Simple in living with the art of construction and construction decorated by humility, dream and generosity What do you want more than this?
Breathe the fragrance of history and be inspired by the civilization of the centuries and the kingdoms of old Yemen all this in the house of the houses of high Shibam.
The view of Hadramout Valley shows that the location of the city was chosen very carefully. It lies between Jabal al-Khabh (south) and the continent (Al-‘Al-‘Aziz) to the north, so that it does not run from east to west or vice versa.
The site was chosen to be the capital of the valley and the meeting of caravans laden with the treasures of that time incense, frankincense, salt, palms and feathers coming from the east of Dhofar land of frankincense and the old port of Hadramout, which brings to India and China, and from there to the city of Shibam and Shbuh capital of the Kingdom of Hadramout and Sham and also from Qena also the second port of Hadramout
Traditional Yemeni dress
The Yemeni folklore is a special and distinctive model because it contains many aspects of Yemeni life.
This heritage is still present, where we see the beauty and splendour of its multiple images, and this popular heritage women’s costumes, which are still reflected in the villages and countryside ..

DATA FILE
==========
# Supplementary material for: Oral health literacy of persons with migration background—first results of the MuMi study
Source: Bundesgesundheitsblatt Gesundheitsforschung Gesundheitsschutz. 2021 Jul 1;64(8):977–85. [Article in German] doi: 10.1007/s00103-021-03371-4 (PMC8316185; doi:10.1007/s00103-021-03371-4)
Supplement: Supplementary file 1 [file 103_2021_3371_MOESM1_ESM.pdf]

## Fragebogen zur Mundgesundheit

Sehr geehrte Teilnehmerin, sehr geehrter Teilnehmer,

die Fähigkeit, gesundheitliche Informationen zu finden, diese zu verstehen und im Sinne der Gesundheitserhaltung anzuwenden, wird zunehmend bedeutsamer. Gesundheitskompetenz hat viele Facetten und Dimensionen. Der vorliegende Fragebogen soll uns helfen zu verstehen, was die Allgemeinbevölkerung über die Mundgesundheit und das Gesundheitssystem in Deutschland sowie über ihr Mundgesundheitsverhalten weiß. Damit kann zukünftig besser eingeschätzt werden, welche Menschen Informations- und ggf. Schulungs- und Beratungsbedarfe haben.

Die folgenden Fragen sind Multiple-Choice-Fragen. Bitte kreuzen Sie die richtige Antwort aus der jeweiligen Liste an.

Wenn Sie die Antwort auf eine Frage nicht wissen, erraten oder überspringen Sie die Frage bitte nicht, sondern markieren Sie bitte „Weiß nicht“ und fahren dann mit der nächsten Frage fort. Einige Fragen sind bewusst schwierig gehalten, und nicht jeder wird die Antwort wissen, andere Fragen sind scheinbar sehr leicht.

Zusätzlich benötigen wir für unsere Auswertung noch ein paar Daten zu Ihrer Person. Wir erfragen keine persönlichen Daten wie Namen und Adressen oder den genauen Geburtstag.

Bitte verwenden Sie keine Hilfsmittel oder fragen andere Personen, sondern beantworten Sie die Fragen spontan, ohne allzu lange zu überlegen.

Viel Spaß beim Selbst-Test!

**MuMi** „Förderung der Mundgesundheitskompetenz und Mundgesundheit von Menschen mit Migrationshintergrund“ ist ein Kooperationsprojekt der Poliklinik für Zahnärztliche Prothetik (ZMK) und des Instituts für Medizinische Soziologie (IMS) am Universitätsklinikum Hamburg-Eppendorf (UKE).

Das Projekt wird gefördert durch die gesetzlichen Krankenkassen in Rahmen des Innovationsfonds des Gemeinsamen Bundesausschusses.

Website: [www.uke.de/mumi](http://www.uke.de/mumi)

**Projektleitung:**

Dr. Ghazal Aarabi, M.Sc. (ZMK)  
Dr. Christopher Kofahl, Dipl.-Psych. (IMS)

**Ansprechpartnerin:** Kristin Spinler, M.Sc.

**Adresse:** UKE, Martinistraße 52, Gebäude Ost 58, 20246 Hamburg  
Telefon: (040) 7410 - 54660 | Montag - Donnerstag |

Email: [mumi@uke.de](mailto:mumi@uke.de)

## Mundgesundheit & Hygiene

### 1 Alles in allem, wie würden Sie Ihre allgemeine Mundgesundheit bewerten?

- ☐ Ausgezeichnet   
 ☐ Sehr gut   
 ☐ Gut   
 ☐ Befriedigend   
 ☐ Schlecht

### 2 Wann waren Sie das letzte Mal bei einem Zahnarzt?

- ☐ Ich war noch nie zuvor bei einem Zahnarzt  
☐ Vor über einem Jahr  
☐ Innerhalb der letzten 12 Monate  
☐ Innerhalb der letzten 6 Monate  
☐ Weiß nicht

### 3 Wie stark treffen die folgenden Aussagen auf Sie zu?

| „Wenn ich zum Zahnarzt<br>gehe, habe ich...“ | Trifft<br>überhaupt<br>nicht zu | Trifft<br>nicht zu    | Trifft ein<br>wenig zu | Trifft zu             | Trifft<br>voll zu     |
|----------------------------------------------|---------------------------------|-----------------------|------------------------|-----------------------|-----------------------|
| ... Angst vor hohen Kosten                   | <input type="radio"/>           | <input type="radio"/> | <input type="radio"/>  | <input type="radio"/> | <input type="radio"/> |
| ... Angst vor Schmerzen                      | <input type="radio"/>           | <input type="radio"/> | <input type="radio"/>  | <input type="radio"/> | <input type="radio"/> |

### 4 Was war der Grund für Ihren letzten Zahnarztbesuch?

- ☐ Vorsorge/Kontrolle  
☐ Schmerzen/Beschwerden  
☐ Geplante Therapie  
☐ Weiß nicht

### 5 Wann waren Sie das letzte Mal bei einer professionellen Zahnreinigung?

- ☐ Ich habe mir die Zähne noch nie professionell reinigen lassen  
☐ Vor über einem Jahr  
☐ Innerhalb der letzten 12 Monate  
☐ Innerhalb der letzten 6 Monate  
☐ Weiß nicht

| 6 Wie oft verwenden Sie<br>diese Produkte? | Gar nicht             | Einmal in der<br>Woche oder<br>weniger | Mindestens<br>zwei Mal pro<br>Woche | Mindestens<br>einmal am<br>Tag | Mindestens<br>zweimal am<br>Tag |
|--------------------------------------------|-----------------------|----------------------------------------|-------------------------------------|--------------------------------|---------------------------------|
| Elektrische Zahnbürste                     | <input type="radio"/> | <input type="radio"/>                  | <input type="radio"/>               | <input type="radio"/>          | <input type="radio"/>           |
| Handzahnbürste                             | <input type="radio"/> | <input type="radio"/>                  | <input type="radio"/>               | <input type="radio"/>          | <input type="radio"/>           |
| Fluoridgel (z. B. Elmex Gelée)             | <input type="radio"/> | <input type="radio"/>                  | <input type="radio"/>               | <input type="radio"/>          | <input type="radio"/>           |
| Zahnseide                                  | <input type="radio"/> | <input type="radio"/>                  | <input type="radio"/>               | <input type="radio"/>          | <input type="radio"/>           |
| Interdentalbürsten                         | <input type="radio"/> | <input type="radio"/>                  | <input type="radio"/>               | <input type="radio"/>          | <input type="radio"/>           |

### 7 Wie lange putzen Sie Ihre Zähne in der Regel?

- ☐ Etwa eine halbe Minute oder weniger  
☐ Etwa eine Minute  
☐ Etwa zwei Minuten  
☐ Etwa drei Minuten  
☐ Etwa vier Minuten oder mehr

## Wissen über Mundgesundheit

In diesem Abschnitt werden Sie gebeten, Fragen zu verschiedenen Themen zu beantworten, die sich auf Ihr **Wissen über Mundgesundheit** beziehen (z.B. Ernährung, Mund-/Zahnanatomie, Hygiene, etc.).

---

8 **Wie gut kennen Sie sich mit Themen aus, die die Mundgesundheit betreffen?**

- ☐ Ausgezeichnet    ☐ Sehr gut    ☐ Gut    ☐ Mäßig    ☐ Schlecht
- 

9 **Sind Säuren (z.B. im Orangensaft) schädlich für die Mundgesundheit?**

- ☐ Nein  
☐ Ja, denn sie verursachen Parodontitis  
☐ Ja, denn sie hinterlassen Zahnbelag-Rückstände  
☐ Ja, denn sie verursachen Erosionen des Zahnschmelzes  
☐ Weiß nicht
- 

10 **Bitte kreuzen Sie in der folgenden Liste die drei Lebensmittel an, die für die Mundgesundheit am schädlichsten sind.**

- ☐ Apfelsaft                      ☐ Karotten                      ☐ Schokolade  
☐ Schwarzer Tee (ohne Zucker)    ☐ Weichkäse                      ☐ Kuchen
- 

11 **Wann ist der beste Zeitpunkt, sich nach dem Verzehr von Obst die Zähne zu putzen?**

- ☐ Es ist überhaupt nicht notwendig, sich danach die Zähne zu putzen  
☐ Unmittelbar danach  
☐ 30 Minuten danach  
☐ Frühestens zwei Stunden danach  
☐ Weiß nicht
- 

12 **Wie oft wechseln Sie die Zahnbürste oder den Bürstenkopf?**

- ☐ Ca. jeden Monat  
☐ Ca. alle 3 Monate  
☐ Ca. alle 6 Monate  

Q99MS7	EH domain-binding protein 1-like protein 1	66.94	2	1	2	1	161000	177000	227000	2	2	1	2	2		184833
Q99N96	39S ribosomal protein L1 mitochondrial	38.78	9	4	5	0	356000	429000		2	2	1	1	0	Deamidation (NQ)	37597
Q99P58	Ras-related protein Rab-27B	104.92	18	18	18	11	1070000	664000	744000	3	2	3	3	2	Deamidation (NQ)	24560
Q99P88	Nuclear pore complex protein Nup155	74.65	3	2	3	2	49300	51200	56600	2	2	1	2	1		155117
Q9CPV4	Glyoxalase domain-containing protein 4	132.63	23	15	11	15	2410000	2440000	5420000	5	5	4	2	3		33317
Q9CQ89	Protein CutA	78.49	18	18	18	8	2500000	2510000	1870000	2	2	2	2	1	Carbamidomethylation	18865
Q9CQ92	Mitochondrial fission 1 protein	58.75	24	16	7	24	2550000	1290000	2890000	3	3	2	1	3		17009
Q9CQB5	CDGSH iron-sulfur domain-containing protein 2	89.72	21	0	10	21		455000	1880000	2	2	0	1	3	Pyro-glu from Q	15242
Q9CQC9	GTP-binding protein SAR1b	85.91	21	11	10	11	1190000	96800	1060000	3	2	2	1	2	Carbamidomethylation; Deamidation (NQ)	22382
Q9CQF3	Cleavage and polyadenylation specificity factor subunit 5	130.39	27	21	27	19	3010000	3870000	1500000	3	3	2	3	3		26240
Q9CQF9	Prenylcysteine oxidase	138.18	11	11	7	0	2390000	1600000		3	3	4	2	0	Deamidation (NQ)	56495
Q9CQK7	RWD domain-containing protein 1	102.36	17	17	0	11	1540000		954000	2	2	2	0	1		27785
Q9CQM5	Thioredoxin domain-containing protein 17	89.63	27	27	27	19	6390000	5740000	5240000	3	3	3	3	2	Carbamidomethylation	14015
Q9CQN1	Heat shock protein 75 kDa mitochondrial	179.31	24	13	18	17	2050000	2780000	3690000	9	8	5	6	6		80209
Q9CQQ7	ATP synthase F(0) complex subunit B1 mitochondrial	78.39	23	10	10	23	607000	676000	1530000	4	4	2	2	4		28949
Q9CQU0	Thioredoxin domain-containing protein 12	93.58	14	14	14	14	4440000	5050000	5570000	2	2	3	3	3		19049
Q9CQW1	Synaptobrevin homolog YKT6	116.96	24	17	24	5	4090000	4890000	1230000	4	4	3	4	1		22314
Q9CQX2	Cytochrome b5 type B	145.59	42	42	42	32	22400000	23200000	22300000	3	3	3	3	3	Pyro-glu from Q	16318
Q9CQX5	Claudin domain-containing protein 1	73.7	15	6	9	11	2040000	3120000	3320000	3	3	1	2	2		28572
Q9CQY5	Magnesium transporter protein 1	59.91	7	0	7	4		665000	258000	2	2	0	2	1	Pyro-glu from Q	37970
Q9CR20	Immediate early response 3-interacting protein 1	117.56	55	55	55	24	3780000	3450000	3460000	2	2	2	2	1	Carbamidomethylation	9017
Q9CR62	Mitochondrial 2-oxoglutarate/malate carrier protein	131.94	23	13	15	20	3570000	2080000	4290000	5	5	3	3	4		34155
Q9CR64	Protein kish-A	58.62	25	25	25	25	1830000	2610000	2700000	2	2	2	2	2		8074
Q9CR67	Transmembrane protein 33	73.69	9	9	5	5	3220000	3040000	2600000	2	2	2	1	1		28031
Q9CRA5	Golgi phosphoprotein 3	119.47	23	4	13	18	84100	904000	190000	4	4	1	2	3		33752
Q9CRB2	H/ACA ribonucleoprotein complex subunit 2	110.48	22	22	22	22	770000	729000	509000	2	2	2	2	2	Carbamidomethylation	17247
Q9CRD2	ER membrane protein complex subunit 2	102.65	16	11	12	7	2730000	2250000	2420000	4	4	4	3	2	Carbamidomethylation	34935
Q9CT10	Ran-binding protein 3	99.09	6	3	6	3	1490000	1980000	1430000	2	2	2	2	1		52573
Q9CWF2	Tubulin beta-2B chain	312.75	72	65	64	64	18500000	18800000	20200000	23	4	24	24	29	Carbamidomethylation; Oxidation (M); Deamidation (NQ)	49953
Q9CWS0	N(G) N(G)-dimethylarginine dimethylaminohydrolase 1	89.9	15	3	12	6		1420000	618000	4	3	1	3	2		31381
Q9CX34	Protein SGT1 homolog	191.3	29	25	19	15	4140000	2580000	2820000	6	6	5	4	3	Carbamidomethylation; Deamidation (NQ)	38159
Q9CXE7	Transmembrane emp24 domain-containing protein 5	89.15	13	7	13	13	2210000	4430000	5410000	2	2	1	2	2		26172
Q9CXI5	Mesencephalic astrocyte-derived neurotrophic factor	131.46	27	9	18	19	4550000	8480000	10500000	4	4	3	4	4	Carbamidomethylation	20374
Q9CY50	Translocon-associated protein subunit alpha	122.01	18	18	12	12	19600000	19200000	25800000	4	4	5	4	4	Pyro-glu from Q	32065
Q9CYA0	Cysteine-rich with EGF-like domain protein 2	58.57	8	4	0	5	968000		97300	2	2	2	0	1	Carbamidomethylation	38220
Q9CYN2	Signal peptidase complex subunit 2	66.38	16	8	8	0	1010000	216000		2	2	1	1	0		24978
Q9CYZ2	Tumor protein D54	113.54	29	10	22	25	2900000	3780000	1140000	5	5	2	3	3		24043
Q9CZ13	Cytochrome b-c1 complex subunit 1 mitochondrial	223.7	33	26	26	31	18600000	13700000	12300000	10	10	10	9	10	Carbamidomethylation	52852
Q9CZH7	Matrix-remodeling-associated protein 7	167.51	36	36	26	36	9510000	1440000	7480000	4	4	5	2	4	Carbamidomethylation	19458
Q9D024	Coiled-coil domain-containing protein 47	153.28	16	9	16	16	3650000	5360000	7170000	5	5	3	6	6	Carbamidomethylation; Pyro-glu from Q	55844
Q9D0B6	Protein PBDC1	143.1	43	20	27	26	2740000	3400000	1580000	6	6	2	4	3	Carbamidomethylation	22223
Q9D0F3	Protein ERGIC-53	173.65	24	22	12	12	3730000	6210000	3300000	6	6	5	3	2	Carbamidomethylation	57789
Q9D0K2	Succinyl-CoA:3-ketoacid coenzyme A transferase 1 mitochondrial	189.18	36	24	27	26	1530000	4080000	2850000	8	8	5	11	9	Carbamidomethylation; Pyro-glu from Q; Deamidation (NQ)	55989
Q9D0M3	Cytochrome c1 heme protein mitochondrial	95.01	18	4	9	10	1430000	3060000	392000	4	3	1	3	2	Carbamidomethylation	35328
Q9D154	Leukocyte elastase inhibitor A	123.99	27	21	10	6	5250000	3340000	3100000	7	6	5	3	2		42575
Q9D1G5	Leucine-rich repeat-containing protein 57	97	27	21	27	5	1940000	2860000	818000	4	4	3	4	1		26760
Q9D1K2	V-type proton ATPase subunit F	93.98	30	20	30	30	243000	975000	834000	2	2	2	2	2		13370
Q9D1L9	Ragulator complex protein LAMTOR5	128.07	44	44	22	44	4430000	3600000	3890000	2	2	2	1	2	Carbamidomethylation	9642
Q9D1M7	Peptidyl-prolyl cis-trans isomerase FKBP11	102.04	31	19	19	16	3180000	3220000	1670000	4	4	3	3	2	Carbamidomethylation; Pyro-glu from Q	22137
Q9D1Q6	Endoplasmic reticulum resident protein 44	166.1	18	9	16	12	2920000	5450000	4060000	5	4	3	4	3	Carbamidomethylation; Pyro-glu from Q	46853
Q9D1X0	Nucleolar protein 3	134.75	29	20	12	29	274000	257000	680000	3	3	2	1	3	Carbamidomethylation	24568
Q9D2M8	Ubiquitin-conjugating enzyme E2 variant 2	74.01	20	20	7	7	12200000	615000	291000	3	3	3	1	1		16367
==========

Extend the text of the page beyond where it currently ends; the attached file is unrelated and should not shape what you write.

These legacies, which are reflected in these beautiful folk clothes, are still very popular despite the progress of life and its development, but the aesthetic character and the perfection of its industry will make this beautiful fashion a treasure that perpetuates the ages that cannot be obscured.
Of these Yemeni women’s clothing or costumes: the robe is worn by women in the interior and wears a belt of Hadrami and wears on occasions such as weddings and weddings. It is the wearing of the women of Hadramout and Duane and of course, the woman will adorn the silver belt and the anklet.
In addition, there is a dress made by the women of Sana’a and its environs. It is made up of a dress called “Al-Zana”. The ring is worn on the head and is decorated with silver ornaments. As well as the popular fashion in Yemen Almawz or so-called polarizer is a quilt to be prepared by the Yemeni man instead of the heroines and is very famous in Hadramout and Lahj and Taiz.
The traditional Yemeni folk costumes, with their beautiful decorations and hundreds of years, are the most beautiful, varied, elegant, determined and raw, and fashion is not competing with others because its manufacture was mastered by Yemeni factories and woven by skilled women. The fashion of Yemenis and Yemenite yarns, tiaras, tattoos, Yemen in the Arab markets.